The crown door of the covered section does not project from the wall. The crown door is composed of an arch opening with a rectangular inscription plaque above. The inscription is recessed inside the crown door arch. Another arch is set above the inscription and serves to frame it slightly.

 

The outer walls of the covered section are solid. The east wall of the covered section is supported by two square towers reinforcing the wall and one in each of the corners. There are two polygonal towers placed irregularly on the east and west walls.

 

Exterior:

There are two tower-like structures at each side corner of the facade. There are support towers on the exterior walls of the courtyard section, except for the north side. The south ones are seven-sided and the other ones are square. There are downspouts on the exterior walls.

 

Exterior fountain:

A significant element of this han is the fountain set into a niche outside the building. The fountain is flush with the wall surface and is placed inside an arch. It was originally equipped with two waterspouts in the form of lion’s heads; however, one of them has been stolen and the other is currently exhibited in the Tokat Museum. 

 

The han shows a robust and careful construction, comprised by layers of smooth-cut limestone of excellent craftsmanship. The stones are 40-60 cm high. Some of the stones bear stonemason marks. The cut stone walls are filled with mortar and small stones.

 

The inscription date and the construction techniques, workmanship and materials indicate that the two main sections were built at the same time. There is no reuse spolia material except for the lintel of the left corner room.

 

DECORATION

The most important decoration of this han is centered on the main entry door. The decoration on the portal is elegant and subdued, and has an almost delicate, feminine feel to it, different than the majority of han portals. Instead of the traditional, heavier honeycomb-style muqarnas entry vault, a simple broken arch frames the door. The crown door opening is recessed and is framed by a high, pointed arch, with two different bands of decoration (half-stars and a geometric mesh).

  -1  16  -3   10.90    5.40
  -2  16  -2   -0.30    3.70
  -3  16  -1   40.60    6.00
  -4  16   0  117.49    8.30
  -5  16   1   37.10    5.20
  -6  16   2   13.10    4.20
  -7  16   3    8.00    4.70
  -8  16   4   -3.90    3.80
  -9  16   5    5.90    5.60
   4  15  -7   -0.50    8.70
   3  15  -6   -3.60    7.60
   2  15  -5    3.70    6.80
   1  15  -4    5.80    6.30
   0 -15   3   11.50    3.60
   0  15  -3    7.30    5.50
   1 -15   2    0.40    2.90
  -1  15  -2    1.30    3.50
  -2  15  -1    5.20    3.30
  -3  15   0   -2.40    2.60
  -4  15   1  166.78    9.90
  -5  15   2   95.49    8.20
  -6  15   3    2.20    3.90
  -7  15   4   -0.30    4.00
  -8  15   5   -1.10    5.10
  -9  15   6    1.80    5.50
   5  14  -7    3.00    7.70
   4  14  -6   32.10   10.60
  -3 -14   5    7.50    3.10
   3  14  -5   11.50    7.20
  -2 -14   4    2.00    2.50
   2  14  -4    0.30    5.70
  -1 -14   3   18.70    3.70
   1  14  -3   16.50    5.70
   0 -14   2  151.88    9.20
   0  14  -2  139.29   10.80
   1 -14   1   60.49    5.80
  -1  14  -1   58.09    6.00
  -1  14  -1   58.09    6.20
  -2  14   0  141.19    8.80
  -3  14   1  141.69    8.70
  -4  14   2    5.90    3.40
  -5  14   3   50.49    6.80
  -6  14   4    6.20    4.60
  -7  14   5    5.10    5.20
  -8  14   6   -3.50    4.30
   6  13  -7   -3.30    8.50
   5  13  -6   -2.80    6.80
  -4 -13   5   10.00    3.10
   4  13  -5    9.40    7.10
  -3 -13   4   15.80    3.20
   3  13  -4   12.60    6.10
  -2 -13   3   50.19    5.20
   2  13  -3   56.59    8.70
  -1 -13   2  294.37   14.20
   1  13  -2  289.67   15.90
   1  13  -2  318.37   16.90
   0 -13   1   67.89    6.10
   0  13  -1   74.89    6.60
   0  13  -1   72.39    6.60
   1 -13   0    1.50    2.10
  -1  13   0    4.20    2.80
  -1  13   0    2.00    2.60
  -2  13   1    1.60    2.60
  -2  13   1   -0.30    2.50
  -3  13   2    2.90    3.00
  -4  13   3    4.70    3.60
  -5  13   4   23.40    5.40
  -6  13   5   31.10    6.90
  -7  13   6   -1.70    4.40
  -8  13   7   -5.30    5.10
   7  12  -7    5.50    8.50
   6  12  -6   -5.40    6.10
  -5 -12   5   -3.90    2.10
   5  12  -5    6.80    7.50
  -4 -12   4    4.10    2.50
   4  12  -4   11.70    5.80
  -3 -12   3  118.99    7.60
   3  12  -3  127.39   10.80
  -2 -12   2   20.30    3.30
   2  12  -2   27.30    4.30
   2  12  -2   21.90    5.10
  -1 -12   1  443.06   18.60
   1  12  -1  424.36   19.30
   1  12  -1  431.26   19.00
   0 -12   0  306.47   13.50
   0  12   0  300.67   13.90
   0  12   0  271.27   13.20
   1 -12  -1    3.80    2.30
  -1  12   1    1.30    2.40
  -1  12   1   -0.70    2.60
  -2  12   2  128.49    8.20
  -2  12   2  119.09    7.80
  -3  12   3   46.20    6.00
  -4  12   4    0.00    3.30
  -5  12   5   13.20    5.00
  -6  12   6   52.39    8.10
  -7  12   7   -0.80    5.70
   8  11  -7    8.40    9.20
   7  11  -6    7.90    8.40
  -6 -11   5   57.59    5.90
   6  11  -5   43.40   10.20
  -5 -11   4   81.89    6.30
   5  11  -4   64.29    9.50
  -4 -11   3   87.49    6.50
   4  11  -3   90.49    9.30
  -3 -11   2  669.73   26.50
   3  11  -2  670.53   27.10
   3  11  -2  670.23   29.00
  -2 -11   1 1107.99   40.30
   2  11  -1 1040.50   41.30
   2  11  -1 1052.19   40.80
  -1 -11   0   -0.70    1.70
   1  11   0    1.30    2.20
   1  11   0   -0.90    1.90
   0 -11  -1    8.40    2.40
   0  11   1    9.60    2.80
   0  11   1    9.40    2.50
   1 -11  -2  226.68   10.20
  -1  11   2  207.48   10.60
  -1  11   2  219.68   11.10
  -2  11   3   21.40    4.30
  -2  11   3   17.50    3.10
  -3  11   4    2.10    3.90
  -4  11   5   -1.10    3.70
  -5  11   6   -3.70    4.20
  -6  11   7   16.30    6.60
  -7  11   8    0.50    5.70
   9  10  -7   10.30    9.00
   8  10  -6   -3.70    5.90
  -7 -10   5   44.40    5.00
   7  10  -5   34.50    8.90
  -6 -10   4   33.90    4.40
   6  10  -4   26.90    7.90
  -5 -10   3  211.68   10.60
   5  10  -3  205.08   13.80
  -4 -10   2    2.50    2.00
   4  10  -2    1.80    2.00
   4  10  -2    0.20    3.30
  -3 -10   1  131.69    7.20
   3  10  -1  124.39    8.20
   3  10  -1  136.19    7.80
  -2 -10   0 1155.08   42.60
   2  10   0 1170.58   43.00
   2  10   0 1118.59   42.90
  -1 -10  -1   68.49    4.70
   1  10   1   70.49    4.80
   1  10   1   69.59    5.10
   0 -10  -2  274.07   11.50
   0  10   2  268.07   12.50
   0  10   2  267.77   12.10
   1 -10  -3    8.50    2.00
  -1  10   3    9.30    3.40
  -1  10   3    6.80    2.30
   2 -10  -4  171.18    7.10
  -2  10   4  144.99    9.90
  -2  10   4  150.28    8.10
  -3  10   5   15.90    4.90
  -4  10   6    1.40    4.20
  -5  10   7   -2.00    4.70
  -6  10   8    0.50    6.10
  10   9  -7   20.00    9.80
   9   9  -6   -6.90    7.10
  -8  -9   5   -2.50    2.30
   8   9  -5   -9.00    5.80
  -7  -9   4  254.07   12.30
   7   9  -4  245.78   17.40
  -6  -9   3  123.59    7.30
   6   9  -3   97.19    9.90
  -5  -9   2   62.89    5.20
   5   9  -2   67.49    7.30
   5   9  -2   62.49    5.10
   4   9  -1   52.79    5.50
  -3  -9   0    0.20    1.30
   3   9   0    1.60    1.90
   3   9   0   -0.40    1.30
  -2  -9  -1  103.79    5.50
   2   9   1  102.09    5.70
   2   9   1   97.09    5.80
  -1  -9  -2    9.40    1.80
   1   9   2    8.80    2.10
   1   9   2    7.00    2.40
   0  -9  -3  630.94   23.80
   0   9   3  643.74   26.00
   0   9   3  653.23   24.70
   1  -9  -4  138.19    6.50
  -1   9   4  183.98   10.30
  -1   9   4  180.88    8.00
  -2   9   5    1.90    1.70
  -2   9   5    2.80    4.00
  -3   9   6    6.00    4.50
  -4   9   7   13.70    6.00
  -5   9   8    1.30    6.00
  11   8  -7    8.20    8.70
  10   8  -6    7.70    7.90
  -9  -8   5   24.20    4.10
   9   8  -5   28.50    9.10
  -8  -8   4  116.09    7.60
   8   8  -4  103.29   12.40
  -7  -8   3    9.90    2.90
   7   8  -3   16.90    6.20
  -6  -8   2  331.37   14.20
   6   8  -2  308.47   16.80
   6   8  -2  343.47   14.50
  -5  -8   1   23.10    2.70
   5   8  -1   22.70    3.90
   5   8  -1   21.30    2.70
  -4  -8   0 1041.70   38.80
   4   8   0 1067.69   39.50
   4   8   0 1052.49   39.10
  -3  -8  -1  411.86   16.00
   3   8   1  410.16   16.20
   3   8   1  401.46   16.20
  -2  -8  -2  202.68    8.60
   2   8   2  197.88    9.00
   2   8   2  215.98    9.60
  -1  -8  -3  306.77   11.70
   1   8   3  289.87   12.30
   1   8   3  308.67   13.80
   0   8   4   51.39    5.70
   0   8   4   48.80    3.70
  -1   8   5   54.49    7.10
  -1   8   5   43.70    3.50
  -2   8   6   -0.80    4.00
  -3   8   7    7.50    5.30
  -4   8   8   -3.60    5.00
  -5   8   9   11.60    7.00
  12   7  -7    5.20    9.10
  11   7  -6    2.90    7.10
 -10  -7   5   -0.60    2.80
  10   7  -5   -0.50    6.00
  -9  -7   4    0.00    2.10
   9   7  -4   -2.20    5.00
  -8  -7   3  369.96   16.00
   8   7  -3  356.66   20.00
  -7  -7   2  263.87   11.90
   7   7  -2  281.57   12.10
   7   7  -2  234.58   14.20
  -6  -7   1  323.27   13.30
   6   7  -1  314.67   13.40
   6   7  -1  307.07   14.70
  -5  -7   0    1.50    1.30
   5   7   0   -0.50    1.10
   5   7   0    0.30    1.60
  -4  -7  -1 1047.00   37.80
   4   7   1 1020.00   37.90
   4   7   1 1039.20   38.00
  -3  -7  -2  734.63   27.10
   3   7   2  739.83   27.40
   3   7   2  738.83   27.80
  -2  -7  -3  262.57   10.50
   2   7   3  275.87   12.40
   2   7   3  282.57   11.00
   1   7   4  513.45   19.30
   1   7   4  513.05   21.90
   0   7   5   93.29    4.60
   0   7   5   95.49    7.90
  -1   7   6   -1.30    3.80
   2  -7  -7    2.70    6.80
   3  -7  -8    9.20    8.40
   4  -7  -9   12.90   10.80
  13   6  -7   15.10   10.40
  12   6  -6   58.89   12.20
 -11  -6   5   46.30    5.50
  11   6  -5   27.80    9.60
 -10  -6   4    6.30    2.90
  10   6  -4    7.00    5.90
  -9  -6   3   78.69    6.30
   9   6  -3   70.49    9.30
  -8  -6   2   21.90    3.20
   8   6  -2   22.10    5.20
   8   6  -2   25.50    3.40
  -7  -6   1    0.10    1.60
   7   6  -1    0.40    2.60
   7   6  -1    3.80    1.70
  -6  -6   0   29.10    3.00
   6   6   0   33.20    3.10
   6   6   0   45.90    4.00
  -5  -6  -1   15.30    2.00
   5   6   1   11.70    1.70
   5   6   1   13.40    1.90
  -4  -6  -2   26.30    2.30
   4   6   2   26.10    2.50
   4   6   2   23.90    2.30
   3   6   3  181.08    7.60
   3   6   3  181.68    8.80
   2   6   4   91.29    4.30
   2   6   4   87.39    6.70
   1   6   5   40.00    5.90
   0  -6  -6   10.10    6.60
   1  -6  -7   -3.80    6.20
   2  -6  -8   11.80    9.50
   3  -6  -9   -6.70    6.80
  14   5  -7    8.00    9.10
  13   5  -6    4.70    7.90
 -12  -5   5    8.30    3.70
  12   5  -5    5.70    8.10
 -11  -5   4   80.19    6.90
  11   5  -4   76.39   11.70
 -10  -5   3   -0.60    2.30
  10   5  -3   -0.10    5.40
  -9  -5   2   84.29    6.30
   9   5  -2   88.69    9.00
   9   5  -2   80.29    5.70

Each arch rests on a pillar with a heavy rope-like carving, surmounted by a capital. The capitals of the columns on each side of the door are carved with two rows of egg-shaped elements. The right capital contains vines and elements resembling pinecones or perhaps grape clusters (perhaps a reference to the rich vineyards of the region). The capital to the left depicts vines only. It is interesting to note that the bold chain motif on the column shafts is also seen on the Karatay Han and on the mosque of the Mahperi Hatun complex in Kayseri.

 

Over the portal, the traditional muqarnas stalactite-filled niche is replaced by a simple rounded vault, containing a trefoil area set in low relief, and which contains the inscription of four lines, of which only the last two can be deciphered (see above). The rest of the tympanum is empty.

 

Both crown doors are designed flush with the bearing walls. There are other examples of this design feature, such as the Kuruçeşme and Cirgalan Hans, although it is not widely seen in Anatolia. Doors usually project from the main wall.

 

An additional noteworthy decorative element is found on the portal leading to the covered section: the magnificent white marble spolia lintel block in the "treasury" room.


DIMENSIONS
Total external area: 1500m2
Area of covered section: 400m2 (19.5 x 28m)
Area of courtyard: 1025m2 (33 x 34m)

This is a large han of solid construction, but with a completely different look and feel to it than the Konya-Kayseri group of hans. The facade has less the appearance of an austere fortress as do the others, but displays rather a more restrained aspect.

 

STATE OF CONSERVATION, CURRENT USE
The Pazar Han was left abandoned for many years and had suffered as a result, but the essential elements remained intact. The walls were in excellent condition, but the roof of the indoor area had collapsed.

 

Alarmed by the reports of use of the han by squatters and miscreants, the Foundations Directorate of the Turkish Ministry of Tourism ordered a renovation of the han, which began in August, 2005. The covered section was completely repaired, and a new barrel vault made of Plexiglas was placed over the damaged middle nave. The courtyard was also repaired and the repair of the covered section crown door was completed over time.